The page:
Layout example of a semi-formal email

sample

                                                                                         (Ashley, 2005)

  1. Learner Problems and suggested solutions

Formal (semi-formal) versus informal language

In semi-formal emails, students have difficulty using the appropriate formal language. As semi-formal emails are closer to being formal than informal it is necessary to train learners on the differences between formal and informal language. Learners who have languages which have formal grammar structures when writing formally (e.g in Greece we use  εσεις-esis- which is the formal pronoun you and shows respect) may have difficulty understanding that a pronoun for example, does not suggest formality whilst special structures do.

Suggested solutions:

A teacher could:

  • give learners very informal sentences and ask them to write a more formal sentence and then pass it over to the next student going from “ I need some information…” to I would like some information” etc. When the last student gives up or the sentence written is more informal than what the previous student wrote, the learner who provided the final formal sentence gets a point (English club, 2012).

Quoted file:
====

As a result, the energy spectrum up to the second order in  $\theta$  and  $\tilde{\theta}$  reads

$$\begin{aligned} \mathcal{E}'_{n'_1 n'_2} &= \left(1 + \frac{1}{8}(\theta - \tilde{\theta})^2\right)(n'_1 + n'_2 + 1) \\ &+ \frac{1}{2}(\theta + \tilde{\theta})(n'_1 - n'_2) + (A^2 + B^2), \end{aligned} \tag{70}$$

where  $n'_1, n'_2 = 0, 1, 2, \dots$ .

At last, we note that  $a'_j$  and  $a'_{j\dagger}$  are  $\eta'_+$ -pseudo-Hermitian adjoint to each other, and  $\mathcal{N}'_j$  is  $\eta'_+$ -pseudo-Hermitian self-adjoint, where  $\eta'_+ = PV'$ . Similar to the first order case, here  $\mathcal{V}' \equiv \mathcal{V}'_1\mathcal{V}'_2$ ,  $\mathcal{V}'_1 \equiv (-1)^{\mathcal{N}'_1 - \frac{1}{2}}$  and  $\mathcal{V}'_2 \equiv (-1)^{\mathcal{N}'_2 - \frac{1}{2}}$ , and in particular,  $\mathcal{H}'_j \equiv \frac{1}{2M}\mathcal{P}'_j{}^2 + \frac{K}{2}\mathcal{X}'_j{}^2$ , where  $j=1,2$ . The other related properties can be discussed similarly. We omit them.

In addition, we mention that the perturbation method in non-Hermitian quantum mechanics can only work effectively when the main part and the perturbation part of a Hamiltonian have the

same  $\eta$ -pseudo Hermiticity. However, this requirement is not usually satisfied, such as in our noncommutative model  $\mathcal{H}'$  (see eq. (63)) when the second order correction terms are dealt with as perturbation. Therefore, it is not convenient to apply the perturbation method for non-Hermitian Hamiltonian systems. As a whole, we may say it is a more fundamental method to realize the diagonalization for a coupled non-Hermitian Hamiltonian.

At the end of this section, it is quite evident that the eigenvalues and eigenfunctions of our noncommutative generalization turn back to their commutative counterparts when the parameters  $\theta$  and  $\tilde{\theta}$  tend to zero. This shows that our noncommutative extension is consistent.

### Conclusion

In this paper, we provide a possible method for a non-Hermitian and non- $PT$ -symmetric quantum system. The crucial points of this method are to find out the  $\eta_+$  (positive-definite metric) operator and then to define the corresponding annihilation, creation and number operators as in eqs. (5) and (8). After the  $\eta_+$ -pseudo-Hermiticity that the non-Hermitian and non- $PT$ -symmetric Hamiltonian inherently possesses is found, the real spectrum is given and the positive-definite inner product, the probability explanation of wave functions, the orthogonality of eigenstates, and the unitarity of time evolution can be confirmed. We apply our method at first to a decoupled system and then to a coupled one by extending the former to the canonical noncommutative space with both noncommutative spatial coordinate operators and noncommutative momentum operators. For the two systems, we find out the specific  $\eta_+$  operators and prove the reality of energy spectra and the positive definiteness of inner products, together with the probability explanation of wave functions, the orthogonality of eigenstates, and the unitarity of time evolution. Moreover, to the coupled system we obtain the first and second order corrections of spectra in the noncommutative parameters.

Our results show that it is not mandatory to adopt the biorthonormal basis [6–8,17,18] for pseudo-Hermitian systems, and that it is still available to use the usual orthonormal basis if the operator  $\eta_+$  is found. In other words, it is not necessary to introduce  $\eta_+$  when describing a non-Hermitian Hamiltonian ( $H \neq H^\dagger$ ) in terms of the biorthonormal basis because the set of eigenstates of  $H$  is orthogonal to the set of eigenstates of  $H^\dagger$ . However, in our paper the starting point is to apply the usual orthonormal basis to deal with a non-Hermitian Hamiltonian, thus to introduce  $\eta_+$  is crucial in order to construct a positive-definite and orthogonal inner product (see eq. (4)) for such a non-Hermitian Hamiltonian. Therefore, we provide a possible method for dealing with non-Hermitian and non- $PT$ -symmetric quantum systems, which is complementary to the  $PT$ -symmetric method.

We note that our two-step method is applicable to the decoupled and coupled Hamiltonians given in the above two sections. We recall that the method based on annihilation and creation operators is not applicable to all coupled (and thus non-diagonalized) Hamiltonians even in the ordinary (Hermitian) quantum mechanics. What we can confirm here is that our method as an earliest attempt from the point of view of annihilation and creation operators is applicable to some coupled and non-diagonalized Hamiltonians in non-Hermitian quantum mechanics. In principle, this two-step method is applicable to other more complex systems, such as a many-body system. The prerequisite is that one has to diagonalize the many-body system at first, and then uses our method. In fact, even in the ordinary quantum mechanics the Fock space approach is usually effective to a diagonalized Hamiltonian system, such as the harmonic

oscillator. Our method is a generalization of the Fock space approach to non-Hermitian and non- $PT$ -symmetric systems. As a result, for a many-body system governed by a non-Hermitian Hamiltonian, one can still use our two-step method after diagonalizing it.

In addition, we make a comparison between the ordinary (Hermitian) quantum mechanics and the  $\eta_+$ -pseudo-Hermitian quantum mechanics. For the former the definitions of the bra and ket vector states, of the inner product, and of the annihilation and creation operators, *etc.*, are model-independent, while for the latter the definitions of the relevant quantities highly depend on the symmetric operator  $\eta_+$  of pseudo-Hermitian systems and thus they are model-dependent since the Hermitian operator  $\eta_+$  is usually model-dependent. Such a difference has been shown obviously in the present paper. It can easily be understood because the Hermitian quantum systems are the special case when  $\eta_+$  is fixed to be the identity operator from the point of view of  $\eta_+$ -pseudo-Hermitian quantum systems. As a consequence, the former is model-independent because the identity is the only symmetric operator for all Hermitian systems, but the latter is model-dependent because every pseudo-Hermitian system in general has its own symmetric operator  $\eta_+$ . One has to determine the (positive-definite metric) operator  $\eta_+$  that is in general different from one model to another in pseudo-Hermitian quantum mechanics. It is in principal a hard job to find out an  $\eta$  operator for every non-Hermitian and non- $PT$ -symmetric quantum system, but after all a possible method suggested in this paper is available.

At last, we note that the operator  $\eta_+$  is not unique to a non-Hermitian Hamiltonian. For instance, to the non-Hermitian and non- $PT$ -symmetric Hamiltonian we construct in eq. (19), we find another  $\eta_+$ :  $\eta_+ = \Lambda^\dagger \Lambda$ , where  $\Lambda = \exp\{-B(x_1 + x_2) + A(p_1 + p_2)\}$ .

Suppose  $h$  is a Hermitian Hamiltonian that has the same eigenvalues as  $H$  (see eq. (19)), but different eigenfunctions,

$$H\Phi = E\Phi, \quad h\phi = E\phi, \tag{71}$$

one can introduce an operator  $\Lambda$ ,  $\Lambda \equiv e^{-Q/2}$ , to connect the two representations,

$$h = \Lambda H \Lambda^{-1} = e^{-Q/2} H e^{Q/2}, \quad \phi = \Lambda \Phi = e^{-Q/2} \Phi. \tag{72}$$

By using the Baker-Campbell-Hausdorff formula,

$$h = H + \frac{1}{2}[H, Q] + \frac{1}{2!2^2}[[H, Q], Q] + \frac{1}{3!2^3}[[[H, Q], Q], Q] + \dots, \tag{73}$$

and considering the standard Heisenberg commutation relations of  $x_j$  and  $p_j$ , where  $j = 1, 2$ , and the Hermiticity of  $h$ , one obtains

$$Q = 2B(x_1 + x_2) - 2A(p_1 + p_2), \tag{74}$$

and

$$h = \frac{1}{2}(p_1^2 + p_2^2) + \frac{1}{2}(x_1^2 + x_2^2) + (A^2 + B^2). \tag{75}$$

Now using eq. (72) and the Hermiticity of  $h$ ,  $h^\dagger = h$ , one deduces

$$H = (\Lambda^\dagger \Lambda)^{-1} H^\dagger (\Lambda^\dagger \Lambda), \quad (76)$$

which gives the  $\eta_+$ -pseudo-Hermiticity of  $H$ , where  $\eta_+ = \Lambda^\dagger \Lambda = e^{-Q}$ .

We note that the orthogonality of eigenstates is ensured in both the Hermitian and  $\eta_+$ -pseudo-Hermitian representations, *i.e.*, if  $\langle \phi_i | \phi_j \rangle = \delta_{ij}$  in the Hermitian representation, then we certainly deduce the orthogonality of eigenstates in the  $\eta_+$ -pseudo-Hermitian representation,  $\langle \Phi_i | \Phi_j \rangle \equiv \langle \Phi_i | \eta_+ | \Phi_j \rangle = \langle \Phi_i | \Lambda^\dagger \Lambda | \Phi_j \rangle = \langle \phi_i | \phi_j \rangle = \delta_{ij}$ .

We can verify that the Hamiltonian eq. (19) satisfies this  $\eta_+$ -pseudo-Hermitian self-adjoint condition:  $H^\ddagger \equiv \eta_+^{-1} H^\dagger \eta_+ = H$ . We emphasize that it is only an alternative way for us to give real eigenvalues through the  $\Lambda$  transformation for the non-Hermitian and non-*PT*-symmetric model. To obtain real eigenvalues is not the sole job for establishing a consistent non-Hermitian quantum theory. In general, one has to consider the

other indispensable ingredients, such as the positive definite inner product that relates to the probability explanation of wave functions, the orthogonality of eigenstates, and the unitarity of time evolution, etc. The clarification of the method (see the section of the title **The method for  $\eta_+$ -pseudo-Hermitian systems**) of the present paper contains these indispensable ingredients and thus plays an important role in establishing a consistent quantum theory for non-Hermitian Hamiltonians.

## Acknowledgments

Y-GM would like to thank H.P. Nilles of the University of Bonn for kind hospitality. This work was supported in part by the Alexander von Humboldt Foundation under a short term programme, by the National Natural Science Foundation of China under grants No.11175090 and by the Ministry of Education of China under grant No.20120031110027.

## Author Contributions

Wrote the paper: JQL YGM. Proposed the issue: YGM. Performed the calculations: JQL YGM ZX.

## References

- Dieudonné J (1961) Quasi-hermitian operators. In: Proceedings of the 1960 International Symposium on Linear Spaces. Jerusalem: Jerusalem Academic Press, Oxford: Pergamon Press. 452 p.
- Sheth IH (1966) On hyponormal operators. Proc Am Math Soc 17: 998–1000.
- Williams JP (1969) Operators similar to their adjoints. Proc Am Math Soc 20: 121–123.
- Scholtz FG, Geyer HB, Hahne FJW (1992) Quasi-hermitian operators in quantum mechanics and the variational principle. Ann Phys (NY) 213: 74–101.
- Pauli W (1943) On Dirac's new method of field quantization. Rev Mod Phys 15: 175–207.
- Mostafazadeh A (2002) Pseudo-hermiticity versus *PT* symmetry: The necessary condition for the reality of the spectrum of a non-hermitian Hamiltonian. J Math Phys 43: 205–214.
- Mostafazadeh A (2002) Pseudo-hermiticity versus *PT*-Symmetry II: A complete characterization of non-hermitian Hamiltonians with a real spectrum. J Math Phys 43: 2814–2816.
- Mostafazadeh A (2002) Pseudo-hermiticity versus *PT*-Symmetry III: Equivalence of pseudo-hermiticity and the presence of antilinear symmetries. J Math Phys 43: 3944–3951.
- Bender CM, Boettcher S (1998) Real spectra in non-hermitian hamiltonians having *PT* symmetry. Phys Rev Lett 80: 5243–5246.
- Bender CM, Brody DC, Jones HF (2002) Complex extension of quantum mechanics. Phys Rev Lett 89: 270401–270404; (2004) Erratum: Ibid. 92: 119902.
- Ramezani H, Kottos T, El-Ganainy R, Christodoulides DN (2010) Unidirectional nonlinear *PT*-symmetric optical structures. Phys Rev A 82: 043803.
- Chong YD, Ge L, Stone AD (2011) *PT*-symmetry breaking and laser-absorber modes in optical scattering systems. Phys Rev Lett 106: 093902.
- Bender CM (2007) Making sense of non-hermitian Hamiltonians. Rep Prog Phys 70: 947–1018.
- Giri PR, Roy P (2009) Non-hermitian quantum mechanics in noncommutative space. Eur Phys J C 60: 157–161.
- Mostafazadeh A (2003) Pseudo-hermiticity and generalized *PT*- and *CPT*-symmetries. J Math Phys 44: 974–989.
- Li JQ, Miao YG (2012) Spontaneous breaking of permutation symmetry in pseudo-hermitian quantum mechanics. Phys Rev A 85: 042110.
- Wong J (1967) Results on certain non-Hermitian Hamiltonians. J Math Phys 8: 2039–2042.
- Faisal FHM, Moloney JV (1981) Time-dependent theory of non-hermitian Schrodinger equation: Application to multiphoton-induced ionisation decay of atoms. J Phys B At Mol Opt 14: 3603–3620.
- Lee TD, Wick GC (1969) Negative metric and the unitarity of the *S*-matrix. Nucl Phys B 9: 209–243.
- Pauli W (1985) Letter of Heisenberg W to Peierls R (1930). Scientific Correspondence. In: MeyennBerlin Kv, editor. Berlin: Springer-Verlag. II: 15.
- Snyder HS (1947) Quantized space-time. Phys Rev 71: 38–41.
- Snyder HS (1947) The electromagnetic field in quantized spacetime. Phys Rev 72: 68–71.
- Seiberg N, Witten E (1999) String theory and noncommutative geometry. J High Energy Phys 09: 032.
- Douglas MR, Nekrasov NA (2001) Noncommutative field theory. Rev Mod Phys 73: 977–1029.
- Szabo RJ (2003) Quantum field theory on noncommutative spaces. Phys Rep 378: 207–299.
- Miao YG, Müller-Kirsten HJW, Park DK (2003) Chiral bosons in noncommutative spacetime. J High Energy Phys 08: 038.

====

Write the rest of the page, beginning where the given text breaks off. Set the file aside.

Evaluation: this is a semi controlled task which practices writing in the form of a game so it can be fun. Chain sentence exercises require good planning on behalf of the teacher as some students may end up with piles of papers. Game like activities can be appreciated by all learners especially kinesthetic ones. The purpose someone is learning English may affect the learners’ attitude towards the task as more exam oriented classes may mistakenly view this as a waste of time as they are preparing for exams and not learning English for fun.

Problems with word order-syntax

Weigle (2002, cited in Watcharapunyawong & Siriluck 2013) claims that,

 L2 writing can be more difficult if syntactic properties of the two languages are very different, which makes L2 students rely on their first language when writing in a second language (ibid).

Greek learners in particular have difficulty with word order as in Greek word order is freer than in English (Papaethymiou-Lytra, cited in Swan and Smith 2002). From my own experience, my Chinese learners have difficulty with word order too as there are not many tenses and there is not a particular word order in Chinese.

Suggested solutions

In order to help learner with the syntax of semi-formal written English a teacher could: